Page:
Antibiotic resistance may drive cystitis Rx changes.
SAN FRANCISCO--Concerns about antibiotic resistance may be driving more physicians to prescribe second-line antibiotics for uncomplicated cystitis in women, a new study indicates.
Between 1998 and 2009, outpatient prescribing of first-line antibiotics for uncomplicated cystitis in women remained constant--yet the number of quinolone prescriptions grew significantly, results from an analysis of national data demonstrated.
The findings "reinforce what our gut instincts have been saying about prescribing for cystitis: Physicians are having more concerns about resistance and are therefore going to the second-line agents like quinolones, cephalosporins, and other medications," Jessina C. McGregor, Ph.D., said in an interview during a poster session at the conference sponsored by the American Society for Microbiology.
Dr. McGregor and her associates analyzed data from the National Ambulatory Medical Care Survey and the National Hospital Ambulatory Medical Care Survey, which are nationally representative surveys of ambulatory and emergency department visits. They focused their study on women over age 17, and used linear tests to analyze trends in rates of visits for cystitis and related antibiotic prescribing patterns.
An estimated 124,978,631 visits among adult women were attributable to cystitis between 1998 and 2009, reported Dr. McGregor of the department of pharmacy practice at Oregon State University, Portland.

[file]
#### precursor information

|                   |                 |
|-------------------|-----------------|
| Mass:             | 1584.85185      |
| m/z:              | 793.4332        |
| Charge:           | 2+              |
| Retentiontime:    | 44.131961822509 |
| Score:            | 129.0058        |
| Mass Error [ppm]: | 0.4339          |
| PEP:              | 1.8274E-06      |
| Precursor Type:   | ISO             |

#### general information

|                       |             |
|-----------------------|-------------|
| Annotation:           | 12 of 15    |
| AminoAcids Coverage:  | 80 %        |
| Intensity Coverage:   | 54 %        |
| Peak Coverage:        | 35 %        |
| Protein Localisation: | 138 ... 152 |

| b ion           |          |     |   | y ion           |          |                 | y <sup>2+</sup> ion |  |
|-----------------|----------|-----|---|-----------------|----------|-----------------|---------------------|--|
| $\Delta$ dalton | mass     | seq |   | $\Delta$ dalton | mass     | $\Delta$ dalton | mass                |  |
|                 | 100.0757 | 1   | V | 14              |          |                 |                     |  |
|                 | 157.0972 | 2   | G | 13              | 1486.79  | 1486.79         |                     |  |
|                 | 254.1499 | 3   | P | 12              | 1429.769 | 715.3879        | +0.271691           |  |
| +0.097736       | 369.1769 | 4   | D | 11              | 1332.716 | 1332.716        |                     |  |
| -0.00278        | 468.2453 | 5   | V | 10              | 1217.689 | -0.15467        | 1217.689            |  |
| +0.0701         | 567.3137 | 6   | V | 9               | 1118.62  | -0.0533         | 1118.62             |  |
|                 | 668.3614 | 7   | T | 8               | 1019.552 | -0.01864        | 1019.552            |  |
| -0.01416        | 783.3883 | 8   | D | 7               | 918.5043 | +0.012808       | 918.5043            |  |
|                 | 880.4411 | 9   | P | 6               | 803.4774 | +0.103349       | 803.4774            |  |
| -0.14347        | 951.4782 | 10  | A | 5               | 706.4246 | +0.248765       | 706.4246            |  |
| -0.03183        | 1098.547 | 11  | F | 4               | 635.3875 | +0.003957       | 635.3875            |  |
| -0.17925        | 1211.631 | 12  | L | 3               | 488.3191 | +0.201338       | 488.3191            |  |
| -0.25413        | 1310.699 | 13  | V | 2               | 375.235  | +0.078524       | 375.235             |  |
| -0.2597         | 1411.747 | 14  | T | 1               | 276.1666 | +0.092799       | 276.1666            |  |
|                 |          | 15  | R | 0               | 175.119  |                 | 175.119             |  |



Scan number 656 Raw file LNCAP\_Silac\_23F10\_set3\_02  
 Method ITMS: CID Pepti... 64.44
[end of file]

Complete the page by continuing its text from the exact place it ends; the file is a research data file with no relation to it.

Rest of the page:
The mean age of patients for these visits was SO years, 83% were white, 69% presented to a physician's office for their cystitis, and 48% had private insurance.
The annual rates of cystitis visits were stable between 1998 and 2009, with an average of 195 visits per 1,000 women. Nearly three-quarters of women (71%) received an antibiotic prescription during the study period.
Prescriptions for the first-line urinary anti-infectives trimethoprim/sulfamethoxazole, trimethoprim, fosfomycin, and nitrofurantoin remained constant (P = .10). But prescriptions for quinolones grew by 10%, and prescriptions for cephalosporins grew by 3%, which were statistically significant increases (P less than .01 and P = .02, respectively).
The findings "correlate with other data showing increasing rates of uropathogen resistance," the researchers wrote. "Further research is needed to evaluate empiric antibiotic prescribing in this setting to ensure prudent antibiotic use and limit the spread of resistance."
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Major Finding: Between 1998 and 2009, prescriptions for the first-line urinary anti-infectives trimethoprim/sulfamethoxazole, trimethoprim, fosfomycin, and nitrofurantoin for uncomplicated cystitis in women remained constant (P= .10); yet prescriptions for quinolones grew by 10% and prescriptions for cephalosporins grew by 3% (P less than .01 and P= .02, respectively).
Data Source: This was an analysis of data from the National Ambulatory Medical Care Survey and the National Hospital Ambulatory Medical Care Survey related to an estimated 124,978,631 visits for cystitis over the 10-year period.
Disclosures: Dr. McGregor reported that the National Institutes of Health and the National Center for Research Resources supported the study.
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|Publication:||OB GYN News|
|Date:||Oct 1, 2012|
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